But can we talk about Ravel for just a minute? There was a lot of discussion this week about Mother Goose. It was nice to know that other people besides me think that the last movement of Mother Goose is the best thing ever. It completely changed my life the first time I heard it. It raised the bar for what music can do. What’s great about it? The sustained, tender and beautiful sound throughout, the Bach-worthy voice leading, the mix of joy, nostalgia and regret, the yearning solos in the violin and viola, the countdown in the 2nd horn and harp leading to the final climax, the extra, transcendent moment at the end when the percusion stops and the strings and winds play on, unwilling to let go. Is there a better three minutes of orchestral music?

After Mother Goose, we played Nico’s piece, which was great. If you didn’t get to hear it in Seattle, Winnipeg, or here in KW, I hope you can hear it soon. It’s called So Far So Good. Nico and I did a bunch of talks together around the concerts and one thing really struck me in particular. Talking about his connection to liturgical music and how it plays out in his own work, Nico described the music really being about a series of small changes alluding to something greater and unspecific. In religious terms, some greater mystery. I think this piece did that very well. It left me with a certain feeling and many players in the orchestra felt the same — it left us with something to contemplate. I also appreciate the opportunites in Nico’s music to be expressive. There’s weight and meaning to each pitch, and that’s what we’ve worked so hard to bring out as musicians — to make the music speak.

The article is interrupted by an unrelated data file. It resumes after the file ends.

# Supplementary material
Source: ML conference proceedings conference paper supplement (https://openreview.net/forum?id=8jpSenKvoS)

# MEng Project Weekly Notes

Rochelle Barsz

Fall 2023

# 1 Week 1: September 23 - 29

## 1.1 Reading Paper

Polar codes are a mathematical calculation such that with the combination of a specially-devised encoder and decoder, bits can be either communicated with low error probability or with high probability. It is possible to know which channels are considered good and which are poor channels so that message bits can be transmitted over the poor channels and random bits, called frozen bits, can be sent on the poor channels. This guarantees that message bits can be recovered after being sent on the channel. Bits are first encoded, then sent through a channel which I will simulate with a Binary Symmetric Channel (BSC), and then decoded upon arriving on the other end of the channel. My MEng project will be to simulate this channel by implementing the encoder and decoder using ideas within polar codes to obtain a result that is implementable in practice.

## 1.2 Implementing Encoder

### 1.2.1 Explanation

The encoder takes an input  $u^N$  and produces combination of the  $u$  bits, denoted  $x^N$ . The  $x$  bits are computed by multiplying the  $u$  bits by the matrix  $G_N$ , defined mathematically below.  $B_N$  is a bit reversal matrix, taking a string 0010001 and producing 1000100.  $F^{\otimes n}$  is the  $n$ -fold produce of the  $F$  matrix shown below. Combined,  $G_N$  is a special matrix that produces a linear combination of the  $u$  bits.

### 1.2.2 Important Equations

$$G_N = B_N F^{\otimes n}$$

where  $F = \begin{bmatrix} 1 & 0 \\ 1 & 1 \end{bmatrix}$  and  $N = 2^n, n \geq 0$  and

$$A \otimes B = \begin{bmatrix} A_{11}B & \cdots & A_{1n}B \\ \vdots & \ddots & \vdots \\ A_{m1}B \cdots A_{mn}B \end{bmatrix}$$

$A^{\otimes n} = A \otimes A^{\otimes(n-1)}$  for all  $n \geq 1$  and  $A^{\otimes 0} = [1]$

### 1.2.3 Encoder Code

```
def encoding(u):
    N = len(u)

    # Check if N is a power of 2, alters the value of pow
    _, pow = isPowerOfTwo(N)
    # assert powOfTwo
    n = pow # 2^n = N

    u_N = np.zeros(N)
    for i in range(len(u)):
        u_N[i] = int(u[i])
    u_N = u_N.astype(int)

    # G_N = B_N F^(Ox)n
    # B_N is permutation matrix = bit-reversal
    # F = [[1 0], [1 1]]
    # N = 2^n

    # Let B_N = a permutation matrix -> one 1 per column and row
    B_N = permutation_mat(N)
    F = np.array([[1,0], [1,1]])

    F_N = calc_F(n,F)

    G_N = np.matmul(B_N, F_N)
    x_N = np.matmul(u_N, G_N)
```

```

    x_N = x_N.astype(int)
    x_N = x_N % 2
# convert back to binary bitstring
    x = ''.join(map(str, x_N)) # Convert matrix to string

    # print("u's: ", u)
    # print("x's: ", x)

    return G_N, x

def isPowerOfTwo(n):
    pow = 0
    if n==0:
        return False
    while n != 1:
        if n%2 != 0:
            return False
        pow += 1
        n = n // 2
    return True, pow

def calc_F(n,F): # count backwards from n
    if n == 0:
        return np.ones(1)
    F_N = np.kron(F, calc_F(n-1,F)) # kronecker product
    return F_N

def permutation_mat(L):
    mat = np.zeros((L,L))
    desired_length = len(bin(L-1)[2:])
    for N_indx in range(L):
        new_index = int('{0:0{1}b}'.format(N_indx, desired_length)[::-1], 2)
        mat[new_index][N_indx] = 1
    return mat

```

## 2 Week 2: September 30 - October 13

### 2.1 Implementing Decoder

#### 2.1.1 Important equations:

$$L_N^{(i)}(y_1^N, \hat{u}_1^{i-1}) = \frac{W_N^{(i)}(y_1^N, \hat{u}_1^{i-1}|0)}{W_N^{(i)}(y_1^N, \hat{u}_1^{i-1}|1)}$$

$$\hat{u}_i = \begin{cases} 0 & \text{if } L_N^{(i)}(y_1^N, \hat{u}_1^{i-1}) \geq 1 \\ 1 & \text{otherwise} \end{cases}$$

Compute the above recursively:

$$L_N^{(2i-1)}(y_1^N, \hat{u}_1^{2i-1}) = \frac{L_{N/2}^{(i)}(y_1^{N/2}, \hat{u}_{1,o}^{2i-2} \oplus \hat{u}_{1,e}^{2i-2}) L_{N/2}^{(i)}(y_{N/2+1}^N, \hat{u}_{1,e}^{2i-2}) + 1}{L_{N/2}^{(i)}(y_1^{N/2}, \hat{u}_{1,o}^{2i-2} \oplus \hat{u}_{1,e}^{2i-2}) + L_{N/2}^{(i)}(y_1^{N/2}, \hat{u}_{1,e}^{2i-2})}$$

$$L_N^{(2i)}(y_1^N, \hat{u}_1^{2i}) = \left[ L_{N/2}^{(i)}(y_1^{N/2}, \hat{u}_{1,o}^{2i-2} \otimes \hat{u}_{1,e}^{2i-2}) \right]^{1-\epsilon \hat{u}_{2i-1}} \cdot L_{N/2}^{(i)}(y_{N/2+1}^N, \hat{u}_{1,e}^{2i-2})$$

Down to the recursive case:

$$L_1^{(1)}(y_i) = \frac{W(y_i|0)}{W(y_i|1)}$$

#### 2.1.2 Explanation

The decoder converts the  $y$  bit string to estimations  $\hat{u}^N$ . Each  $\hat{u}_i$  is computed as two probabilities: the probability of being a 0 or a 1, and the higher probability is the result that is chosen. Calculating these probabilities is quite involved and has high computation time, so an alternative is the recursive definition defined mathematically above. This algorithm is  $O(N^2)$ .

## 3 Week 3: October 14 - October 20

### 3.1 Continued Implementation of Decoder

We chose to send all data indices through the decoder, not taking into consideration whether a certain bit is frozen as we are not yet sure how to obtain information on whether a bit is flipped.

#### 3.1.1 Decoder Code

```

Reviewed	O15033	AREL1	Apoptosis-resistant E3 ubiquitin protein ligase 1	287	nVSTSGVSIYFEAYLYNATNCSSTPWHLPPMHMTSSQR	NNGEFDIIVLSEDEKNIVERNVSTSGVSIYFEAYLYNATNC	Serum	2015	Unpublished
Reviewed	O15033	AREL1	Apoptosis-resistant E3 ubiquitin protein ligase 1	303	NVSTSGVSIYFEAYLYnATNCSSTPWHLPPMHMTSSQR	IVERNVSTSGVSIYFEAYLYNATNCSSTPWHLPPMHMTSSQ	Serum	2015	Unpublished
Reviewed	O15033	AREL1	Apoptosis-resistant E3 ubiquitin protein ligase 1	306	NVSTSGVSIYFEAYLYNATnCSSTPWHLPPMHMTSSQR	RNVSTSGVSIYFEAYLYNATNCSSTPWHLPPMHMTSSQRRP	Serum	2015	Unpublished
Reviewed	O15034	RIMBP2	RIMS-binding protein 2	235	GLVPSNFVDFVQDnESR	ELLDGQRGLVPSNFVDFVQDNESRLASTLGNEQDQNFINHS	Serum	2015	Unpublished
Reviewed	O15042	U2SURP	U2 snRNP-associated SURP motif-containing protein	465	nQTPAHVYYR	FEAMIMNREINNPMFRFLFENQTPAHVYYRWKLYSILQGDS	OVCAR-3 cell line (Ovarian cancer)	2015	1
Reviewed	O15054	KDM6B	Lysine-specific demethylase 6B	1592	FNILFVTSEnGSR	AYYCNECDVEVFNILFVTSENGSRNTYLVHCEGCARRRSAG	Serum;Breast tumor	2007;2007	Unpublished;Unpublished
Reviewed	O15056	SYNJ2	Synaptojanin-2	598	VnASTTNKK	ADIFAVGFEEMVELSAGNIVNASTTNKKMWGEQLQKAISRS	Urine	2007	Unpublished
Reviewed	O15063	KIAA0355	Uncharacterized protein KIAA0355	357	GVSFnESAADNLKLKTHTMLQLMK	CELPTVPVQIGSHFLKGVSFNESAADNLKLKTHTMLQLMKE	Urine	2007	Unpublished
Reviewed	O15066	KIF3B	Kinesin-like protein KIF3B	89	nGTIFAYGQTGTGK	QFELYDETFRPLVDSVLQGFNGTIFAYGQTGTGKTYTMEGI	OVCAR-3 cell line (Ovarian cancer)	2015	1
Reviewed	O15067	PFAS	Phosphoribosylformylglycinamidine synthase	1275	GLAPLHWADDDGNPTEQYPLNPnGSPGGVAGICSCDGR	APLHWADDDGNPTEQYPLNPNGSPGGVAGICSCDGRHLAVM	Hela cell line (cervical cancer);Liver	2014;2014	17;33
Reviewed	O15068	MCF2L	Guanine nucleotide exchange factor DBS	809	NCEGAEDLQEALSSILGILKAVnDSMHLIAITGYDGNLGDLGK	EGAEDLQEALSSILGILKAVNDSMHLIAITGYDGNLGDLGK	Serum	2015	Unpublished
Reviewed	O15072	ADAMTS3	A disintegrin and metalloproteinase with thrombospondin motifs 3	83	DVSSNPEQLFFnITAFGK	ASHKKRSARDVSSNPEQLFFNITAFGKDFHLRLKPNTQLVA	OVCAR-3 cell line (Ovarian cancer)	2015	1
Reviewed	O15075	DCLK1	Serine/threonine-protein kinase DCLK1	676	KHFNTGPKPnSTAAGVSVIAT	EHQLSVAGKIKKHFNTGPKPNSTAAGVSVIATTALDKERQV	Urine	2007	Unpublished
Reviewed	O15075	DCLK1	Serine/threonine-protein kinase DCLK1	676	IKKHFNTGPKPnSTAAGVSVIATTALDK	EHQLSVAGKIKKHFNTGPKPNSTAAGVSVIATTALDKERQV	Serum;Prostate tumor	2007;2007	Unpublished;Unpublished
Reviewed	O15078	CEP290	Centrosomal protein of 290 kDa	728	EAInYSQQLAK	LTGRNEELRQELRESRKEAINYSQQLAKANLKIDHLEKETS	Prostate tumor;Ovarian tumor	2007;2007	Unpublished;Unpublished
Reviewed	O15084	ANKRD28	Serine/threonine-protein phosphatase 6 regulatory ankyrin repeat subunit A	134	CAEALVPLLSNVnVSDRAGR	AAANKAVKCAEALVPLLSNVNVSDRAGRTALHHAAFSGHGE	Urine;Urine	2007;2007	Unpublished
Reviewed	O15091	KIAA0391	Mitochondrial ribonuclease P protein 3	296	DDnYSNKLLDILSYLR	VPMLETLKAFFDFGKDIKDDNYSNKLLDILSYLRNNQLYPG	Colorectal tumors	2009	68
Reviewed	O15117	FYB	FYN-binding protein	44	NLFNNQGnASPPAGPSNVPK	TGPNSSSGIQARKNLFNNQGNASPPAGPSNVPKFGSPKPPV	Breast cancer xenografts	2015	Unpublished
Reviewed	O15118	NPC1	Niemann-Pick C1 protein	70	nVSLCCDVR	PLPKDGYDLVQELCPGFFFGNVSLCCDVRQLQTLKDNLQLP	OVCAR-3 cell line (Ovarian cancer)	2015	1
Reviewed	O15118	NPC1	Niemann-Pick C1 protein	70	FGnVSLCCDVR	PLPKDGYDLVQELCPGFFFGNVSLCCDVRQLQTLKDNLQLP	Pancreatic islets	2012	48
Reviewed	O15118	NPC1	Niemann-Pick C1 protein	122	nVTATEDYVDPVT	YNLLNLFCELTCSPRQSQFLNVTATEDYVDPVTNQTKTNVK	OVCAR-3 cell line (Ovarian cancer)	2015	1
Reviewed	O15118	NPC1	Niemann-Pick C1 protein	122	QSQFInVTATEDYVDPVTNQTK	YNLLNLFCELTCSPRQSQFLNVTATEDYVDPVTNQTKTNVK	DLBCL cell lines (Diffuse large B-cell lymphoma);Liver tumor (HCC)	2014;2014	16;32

Speaking of greater mysteries, this coming week is our collaboration with the Institute for Quantum computing on our Intersections Series. More about that soon, but this project was two years in the making and I’m excited about it. What I can tell you right now is that there is Mozart, Webern, Ives, Cage, Brant, and Xenakis involved.


Interesting ARTICLE by Tom Service in the Guardian today about Pierre Boulez.  Including this quote:

“That’s the central achievement of Boulez’s music. Like no one else has managed to do in music before, he has turned timbre – the texture and grain of the way instruments sound, and the special, surreal possibilities of electronic music – into a carrier of feeling and emotion. Previously, western music was all about pitch, rhythm, and harmony: the traditional routes to creating musical expression. Boulez adds another dimension to what music can do, and his works open up a new way of hearing. If you surrender yourself to his music, you can’t help but be intoxicated by its sonic fantasy  … “

I wonder if this is a new way of hearing at all.  It got me thinking about my work with DANIEL LEVITIN last year on our BEETHOVEN AND YOUR BRAIN. I think one of the most interesting things I got out of working with someone who is interested in the science of listening was learning how important timbre actually is.  It’s the first thing we respond to as listeners, before rhythm, melody and harmony. It is, in fact, our most primal reaction to music.  I think musicologists made western music “about” pitch, rhythm and harmony because that’s how most music is intellectually put together (this is true of Boulez’s music as well).  Timbre is the elephant in the room.  No one writes or even really talks about it, but it’s pervasive and it’s the way music hits listeners at the outset.